Anderson said meeting planners had consistently told him that they would have booked shows at the PBCCC, but the lack of an adjacent hotel kept them from doing so.
The Hilton opened in January 2016, and, as a result, Anderson said the convention center enjoyed record business last year and is on track to see even more business this year and in 2018. "This is a great example of 'If you build it, they will come,'" he said.
Keeping the tech top-notch
There are other features important to today’s convention centers as well, and technological upgrades rate close to the top.
"We as operators try to make sure the place is wired so that clients can come in and do what they do," Anderson said.
The $615 million renovation underway at another of Spectra’s properties, the Miami Beach Convention Center, will be able to accommodate the new type of convention — smartphone- and other Wi-Fi device-enabled. Clark Construction is heading up that renovation, and the venue is scheduled for completion in December of next year, just in time to host the 75,000 visitors expected at next year’s Art Basel event.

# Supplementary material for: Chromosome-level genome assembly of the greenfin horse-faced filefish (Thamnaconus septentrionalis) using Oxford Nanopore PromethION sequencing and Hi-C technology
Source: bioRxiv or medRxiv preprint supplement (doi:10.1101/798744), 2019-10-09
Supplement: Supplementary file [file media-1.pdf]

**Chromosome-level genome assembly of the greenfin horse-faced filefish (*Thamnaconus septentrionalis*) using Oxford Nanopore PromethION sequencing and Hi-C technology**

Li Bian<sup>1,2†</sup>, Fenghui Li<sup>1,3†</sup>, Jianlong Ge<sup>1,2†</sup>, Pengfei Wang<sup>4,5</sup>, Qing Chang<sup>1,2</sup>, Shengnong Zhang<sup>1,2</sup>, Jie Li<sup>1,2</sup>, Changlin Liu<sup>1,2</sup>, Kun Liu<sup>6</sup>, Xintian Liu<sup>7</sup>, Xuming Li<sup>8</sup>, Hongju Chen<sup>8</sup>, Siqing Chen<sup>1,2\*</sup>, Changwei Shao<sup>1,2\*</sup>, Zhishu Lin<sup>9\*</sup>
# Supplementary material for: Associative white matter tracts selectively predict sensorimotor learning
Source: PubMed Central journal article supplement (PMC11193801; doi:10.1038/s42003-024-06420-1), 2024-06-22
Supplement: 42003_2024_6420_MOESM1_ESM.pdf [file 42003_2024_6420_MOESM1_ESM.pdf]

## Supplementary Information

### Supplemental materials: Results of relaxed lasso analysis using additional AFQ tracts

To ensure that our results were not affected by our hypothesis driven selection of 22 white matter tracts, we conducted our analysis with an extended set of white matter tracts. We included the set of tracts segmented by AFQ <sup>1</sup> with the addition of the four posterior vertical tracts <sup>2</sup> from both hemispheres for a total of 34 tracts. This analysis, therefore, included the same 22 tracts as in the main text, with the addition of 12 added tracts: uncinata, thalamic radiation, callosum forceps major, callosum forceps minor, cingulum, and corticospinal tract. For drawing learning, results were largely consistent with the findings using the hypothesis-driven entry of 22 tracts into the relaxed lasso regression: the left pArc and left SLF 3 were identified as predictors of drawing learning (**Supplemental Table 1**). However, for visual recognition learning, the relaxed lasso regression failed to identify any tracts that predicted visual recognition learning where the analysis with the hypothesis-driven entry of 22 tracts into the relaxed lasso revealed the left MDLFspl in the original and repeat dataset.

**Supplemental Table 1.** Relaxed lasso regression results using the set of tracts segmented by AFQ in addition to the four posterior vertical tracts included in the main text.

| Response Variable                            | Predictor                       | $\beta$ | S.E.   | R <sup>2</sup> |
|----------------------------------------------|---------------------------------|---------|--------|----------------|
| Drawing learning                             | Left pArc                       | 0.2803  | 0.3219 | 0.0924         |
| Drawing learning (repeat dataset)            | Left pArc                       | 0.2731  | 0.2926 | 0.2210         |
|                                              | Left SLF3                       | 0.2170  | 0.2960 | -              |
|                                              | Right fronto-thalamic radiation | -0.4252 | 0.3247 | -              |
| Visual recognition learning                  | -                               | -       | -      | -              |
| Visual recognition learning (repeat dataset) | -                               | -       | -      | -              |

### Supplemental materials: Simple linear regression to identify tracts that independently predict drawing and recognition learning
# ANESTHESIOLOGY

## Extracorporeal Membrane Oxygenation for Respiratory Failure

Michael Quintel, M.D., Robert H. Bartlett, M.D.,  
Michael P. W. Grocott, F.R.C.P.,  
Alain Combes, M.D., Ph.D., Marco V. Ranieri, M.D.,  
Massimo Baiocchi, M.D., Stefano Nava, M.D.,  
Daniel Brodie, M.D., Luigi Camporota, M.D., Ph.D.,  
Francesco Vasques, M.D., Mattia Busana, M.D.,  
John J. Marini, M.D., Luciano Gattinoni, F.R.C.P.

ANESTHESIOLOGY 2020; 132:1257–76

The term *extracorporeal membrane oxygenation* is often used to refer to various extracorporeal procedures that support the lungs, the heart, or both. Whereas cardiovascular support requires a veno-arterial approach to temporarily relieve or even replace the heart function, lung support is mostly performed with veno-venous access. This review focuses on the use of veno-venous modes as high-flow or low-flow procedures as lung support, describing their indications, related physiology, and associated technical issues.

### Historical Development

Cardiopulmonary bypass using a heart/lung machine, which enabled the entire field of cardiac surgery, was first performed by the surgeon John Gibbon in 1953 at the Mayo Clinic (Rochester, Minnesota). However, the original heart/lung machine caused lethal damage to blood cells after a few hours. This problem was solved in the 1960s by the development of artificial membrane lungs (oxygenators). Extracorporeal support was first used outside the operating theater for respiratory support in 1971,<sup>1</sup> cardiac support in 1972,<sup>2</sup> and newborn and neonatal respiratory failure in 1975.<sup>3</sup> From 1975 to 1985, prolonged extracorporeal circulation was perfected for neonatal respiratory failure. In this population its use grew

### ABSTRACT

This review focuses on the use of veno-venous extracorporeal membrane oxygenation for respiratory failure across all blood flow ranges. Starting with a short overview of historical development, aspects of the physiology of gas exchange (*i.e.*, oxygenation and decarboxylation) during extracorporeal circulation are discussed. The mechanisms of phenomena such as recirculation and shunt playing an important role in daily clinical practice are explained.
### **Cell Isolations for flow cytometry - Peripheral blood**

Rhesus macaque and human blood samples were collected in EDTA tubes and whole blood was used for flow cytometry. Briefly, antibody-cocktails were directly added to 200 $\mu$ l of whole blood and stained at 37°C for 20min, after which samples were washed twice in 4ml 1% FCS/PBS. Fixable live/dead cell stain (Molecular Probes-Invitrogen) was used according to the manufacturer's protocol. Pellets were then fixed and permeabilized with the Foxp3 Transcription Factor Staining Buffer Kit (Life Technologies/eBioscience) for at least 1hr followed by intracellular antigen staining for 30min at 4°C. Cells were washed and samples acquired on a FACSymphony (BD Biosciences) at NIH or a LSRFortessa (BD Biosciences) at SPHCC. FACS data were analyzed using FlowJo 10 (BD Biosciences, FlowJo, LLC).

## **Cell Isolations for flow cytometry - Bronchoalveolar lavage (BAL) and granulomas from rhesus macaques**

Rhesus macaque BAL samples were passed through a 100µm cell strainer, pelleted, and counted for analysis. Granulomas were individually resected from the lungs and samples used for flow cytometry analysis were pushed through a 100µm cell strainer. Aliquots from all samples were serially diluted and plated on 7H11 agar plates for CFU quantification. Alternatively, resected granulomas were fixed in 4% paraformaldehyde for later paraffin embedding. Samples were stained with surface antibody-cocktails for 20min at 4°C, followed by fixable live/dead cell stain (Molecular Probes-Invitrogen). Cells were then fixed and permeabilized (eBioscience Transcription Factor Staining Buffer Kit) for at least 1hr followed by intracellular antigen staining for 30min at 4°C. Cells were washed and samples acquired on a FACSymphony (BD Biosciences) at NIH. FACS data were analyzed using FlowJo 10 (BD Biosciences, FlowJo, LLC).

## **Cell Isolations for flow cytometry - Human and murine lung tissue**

In a space like the PBCC, Anderson said, there are typically 1,000 to 2,000 attendees at one time, versus 10,000 to 15,000 at the MBCC, all wanting to get online with a speedy connection and enough bandwidth to perform all the standard convention-center activities like presentations with live, streaming video.
"It’s important to stay ahead of technology trends as conventions come in," he said.
Anderson's definition of wiring also includes the power and ceiling height that will allow the rigging and lighting necessary for big entertainment events. While convention business is great, Anderson said, it’s an advantage to be able to book the odd circus, ice show or concert as a way of boosting revenue on the days when there’s no convention scheduled.
Designing for flexibility
Flexibility and simplicity are other elements that permeate the design of modern convention centers.
"I would say a good convention center design has a significant amount of contiguous square footage on one floor," Mehls said. This space should be able to be subdivided into a variety of different-sized meeting areas, all of which should be easy for convention-goers to find.
"When you walk into convention centers, some are broken-up spaces and hard to navigate," he said. "It’s a great benefit if visitors can walk in and have an immediate understanding of how to make their way from one space to another."